Blake Lively on getting older, figuring out which decades fashions work for her in “The Age of Adaline”

adaoline1Blake Lively says she loves the idea of getting older. The original “Gossip Girl” has gone on the record about enjoying aging out of girlhood. But in youth-obsessed Hollywood, married to Ryan Reynolds in a wedding featured in Martha Stewart’s magazine, new mother of a little girl named James,” on top of the world, can she afford to be frank about age?
“I’m 27, so I can say ‘YEAH. Bring it on.’ But at 27, you haven’t really experienced it. So ask me again in 20-30 years. Maybe I’ll complain. Then.”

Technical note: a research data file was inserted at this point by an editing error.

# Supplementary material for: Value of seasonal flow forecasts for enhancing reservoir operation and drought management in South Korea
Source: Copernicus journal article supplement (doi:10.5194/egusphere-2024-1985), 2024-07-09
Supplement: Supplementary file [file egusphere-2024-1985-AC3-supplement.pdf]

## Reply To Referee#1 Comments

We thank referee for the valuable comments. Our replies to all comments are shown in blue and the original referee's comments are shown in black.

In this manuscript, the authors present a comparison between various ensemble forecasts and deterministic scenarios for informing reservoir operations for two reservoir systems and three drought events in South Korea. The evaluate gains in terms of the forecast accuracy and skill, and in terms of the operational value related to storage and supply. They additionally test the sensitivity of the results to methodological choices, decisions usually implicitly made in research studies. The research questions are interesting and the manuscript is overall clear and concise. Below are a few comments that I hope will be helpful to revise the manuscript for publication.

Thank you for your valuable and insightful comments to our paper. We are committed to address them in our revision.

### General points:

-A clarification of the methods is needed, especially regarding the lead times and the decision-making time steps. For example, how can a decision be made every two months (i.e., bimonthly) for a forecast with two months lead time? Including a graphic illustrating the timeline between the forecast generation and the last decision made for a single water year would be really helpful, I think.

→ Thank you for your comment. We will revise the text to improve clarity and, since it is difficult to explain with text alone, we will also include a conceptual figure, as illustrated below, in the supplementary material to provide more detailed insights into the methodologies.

Lively has been mulling the age thing thanks to her latest film. The critically-acclaimed romance “The Age of Adaline” (opening April 24) has her playing a young woman trapped in young womanhood, immortalized in her twenties since the 1930s, loving and losing loved ones, watching the daughter she gave birth to reach her dotage while Adaline herself is forever young.
Adaline “longs to grow old,” Lively says. “Maybe there’s something in her that wants to grow old with the various men in her life. But far more important to her is the fear that she’s going to outlive her daughter. To have your daughter in her 80s while you’re trapped in your 20s…for a parent to see her child start to lose her memory, lose her strength and her independence, brings out the protector she knows she’s supposed to be… But age is something you can’t protect them from. ”
Lively plays Adaline through the ages as world-wise. Adaline uses the added years to master foreign languages. But as the decades pass, she’s increasingly world-weary.